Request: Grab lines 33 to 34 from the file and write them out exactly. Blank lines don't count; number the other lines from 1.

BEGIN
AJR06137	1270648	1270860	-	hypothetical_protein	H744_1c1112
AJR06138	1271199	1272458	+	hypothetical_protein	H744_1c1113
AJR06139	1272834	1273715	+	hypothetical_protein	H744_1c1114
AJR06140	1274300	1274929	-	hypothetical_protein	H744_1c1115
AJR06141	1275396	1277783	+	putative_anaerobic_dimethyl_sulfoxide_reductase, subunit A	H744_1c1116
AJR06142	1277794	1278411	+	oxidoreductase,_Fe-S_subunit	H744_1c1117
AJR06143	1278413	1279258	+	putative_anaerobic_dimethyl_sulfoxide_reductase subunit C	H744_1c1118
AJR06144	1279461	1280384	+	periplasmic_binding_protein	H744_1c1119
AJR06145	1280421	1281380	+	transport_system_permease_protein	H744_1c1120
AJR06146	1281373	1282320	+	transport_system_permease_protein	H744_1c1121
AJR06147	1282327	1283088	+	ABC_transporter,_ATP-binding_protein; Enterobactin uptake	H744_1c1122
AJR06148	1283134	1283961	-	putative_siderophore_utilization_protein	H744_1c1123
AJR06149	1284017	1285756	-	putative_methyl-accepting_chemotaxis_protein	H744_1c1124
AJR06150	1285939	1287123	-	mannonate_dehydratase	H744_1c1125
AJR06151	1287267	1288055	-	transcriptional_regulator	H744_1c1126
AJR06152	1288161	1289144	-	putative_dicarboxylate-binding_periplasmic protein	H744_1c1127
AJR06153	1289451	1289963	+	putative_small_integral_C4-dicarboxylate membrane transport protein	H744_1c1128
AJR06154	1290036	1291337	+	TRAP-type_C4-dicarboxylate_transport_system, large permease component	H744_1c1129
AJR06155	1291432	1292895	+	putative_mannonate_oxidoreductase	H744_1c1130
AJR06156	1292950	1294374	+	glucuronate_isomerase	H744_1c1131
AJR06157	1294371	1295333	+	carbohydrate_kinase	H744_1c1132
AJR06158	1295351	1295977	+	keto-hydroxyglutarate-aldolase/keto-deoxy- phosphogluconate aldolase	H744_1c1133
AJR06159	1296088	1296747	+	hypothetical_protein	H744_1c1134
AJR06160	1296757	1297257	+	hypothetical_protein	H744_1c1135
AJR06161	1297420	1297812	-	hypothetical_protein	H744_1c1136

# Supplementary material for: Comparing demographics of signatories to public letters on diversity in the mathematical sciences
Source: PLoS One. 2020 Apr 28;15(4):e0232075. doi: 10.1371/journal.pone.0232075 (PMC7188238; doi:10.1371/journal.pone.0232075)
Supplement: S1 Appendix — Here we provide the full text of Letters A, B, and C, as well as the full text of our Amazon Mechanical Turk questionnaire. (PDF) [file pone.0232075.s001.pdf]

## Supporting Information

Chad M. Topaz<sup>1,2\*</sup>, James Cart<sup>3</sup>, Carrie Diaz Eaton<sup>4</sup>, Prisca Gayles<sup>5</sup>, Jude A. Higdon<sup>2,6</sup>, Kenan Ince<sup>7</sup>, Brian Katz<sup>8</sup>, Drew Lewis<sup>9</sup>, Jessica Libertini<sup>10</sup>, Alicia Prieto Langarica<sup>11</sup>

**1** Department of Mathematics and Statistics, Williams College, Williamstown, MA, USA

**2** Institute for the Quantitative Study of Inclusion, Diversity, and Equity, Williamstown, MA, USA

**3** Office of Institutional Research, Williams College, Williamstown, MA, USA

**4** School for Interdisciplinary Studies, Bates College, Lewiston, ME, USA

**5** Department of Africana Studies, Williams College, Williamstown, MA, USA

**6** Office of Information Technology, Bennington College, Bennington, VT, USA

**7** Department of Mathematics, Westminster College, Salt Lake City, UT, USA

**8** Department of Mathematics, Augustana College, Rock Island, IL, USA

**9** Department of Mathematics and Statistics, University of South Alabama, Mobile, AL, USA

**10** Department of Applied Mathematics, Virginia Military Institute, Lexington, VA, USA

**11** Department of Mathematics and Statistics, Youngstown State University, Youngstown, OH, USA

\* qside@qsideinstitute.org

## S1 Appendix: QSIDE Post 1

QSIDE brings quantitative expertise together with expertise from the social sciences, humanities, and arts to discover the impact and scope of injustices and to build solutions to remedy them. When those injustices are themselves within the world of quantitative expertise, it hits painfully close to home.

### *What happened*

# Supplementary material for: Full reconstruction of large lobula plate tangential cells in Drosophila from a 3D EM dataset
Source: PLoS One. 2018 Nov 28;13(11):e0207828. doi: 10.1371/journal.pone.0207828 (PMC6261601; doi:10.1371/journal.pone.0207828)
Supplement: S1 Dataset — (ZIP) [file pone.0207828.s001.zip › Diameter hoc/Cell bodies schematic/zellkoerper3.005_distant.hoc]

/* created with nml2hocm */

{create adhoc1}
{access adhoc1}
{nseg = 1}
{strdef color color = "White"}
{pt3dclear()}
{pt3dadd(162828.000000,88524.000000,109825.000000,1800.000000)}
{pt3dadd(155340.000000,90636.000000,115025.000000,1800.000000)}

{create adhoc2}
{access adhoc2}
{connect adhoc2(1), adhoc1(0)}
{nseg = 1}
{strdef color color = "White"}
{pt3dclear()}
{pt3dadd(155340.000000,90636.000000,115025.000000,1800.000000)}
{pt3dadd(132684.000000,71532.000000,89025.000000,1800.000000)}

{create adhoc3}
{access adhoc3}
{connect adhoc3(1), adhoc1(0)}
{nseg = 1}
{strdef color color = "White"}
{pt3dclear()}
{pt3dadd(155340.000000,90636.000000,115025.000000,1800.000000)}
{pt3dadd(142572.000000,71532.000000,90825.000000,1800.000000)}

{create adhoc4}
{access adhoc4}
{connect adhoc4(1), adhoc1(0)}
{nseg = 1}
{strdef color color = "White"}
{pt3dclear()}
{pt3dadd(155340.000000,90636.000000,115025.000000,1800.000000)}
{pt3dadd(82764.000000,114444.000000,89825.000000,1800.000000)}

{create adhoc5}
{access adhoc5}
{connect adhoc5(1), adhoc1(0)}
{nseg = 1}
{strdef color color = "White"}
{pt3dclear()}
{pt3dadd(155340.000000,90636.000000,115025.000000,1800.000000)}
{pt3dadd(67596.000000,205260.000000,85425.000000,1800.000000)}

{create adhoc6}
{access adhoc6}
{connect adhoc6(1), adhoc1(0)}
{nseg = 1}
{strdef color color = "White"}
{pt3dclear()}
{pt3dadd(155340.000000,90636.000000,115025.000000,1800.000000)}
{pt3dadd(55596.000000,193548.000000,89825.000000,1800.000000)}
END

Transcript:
**3** Office of Institutional Research, Williams College, Williamstown, MA, USA

**4** School for Interdisciplinary Studies, Bates College, Lewiston, ME, USA